UV-Vis Spectrophotometric BPA Determination Helps Plastics Manufacturers Ensure Safety

BPA determination
BPA-containing baby bottles have been banned for sale and import in several countries, including the United States, due to health concerns.
Image Source: Flick user nerissa’s ring

Plastic was once hailed as a virtual miracle, offering an affordable, durable alternative to traditional products while facilitating the creation of new product types never before seen. While plastic remains invaluable in the production of both industrial and household goods, public concern regarding certain types of plastics—or, more specifically, certain plastic additives—has caused a shift in both policy and manufacturing practices.

One of the primary areas of controversy surrounds bisphenol A (BPA), an endocrine-disrupting industrial chemical used to harden polycarbonate plastics, such as those used to make plastic bottles and food containers. Once the food is in the polycarbonate packaging, BPA may leach from the plastic into the food product, a process so common that “more than 90% of us have BPA in our bodies right now,” most of which of it comes from consuming foods or drinks packed in contains made with BPA.1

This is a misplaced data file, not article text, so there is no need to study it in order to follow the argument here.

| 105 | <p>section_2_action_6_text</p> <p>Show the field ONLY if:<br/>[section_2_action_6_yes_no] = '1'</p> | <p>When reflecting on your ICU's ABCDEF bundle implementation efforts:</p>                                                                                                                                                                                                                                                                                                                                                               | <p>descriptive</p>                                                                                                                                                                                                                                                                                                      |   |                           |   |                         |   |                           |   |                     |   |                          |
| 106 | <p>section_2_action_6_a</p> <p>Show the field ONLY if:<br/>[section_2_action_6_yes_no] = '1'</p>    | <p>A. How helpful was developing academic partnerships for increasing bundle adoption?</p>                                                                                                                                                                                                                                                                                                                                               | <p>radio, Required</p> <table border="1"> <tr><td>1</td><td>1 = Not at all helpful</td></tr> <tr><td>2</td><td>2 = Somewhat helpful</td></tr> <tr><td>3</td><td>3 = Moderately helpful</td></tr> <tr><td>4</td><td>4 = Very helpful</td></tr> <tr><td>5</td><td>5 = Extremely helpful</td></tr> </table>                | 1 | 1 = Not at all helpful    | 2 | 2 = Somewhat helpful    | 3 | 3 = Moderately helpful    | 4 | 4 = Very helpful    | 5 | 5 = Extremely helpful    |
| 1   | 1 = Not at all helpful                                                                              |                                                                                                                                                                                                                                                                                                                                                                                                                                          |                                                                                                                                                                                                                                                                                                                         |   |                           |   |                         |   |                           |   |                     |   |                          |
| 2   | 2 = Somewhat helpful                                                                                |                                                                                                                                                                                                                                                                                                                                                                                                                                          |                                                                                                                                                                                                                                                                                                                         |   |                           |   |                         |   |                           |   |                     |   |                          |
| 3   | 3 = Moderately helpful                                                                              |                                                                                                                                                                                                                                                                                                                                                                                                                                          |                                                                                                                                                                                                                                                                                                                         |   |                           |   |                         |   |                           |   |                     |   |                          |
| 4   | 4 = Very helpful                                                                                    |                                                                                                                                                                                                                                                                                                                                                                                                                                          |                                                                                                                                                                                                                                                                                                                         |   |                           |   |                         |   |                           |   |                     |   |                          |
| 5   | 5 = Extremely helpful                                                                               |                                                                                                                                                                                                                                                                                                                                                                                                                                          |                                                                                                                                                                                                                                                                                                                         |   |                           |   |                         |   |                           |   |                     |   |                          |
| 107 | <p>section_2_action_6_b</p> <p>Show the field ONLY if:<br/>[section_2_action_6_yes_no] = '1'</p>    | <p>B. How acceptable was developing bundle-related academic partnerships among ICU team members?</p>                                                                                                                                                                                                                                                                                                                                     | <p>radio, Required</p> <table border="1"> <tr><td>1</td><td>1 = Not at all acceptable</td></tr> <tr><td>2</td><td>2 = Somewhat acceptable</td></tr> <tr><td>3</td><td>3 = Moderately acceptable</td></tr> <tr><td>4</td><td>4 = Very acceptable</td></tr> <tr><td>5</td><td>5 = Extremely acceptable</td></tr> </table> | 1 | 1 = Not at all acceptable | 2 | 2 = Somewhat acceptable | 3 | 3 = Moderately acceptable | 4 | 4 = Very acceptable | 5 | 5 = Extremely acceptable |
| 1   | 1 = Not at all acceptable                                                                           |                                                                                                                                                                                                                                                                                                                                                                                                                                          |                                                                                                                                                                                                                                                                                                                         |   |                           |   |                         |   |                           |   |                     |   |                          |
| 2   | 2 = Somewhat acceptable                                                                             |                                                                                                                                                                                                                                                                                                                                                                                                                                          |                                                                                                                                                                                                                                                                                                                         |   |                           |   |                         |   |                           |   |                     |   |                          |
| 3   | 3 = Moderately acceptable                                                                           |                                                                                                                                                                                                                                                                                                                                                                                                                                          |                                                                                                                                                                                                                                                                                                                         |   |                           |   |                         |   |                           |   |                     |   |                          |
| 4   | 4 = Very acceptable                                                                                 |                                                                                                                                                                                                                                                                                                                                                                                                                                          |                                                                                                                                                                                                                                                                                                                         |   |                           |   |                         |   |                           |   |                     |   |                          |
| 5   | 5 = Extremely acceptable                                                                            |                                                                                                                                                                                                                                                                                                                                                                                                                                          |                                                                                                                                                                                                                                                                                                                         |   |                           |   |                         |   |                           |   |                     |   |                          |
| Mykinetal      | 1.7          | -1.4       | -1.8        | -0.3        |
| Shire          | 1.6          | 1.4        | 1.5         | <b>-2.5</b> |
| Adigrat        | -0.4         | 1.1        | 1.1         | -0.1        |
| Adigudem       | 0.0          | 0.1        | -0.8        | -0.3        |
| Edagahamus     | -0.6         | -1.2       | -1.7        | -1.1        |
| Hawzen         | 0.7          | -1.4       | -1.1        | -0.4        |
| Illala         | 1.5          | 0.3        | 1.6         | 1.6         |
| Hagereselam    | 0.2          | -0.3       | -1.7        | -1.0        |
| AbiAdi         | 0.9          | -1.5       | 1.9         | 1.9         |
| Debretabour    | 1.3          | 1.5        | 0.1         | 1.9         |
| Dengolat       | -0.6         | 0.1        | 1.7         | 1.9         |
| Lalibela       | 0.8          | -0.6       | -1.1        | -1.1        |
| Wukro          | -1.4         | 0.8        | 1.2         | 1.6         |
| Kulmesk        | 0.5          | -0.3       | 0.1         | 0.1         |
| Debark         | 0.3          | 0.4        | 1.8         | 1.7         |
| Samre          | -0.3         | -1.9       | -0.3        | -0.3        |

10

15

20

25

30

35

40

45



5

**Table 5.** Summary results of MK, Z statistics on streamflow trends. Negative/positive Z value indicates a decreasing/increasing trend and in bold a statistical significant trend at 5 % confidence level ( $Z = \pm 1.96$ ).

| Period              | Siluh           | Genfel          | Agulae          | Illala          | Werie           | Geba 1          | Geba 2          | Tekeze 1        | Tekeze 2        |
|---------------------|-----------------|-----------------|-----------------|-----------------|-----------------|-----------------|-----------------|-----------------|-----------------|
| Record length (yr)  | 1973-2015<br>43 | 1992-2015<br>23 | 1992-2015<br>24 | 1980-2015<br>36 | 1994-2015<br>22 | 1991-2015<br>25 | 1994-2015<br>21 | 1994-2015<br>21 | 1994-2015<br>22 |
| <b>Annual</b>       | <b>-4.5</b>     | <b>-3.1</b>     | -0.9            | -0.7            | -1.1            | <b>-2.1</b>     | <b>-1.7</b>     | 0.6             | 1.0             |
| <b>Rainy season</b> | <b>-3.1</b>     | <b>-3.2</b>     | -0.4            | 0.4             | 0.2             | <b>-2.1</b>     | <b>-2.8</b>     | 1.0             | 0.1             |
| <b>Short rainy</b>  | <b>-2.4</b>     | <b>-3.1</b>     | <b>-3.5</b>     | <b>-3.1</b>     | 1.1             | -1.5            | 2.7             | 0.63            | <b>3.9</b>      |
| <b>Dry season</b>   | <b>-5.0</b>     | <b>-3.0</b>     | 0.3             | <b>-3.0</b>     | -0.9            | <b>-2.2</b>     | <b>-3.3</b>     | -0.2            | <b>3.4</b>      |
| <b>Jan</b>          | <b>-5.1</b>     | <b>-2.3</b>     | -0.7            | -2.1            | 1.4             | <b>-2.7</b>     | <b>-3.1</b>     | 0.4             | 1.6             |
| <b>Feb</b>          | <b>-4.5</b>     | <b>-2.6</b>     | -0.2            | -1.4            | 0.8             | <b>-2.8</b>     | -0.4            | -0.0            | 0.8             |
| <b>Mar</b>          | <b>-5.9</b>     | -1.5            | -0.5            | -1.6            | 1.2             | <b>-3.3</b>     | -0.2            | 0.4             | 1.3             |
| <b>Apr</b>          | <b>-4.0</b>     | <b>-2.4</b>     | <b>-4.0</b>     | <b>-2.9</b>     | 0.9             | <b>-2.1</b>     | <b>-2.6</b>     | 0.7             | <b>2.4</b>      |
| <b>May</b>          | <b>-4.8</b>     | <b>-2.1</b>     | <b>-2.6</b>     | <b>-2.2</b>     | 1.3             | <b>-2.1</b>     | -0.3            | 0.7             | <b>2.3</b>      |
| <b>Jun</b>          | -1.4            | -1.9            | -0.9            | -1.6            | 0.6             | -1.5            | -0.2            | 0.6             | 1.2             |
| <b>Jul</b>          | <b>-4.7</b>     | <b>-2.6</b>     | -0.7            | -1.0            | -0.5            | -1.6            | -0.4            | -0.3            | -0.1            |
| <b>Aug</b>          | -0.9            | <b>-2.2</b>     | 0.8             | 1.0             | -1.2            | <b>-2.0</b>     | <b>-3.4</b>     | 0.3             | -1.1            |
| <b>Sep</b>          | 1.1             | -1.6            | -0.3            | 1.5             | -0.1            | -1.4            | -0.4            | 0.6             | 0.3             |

The human consumption of BPA presents major problems; studies have revealed that BPA “mimics estrogen and could harm brain and reproductive development in fetuses, infants, and children,” as well as heightening risk for certain cancers, diabetes, and cardiovascular ailments.2

In response to public outcry and the growing body of research indicating a lack of safety, the United States and a handful of other countries have now banned the import and sale of baby bottles containing BPA. Meanwhile, plastics manufacturers are increasingly making voluntary efforts to remove BPA from other plastic products and countless plastics are now labeled “BPA-free”, both as a shrewd marketing move and to assuage public fears. But are these labels reliable? How can plastics manufacturers, the food industry, and the public be assured that the plastics they make or use truly are BPA-free? The answer could be spectrophotometric BPA determination.

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BPA determination
BPA may leach into all food products stored with polycarbonate plastics containing BPA even in trace amounts.
Image Source: Pexels user Pixabay

The Matter of Trace Amounts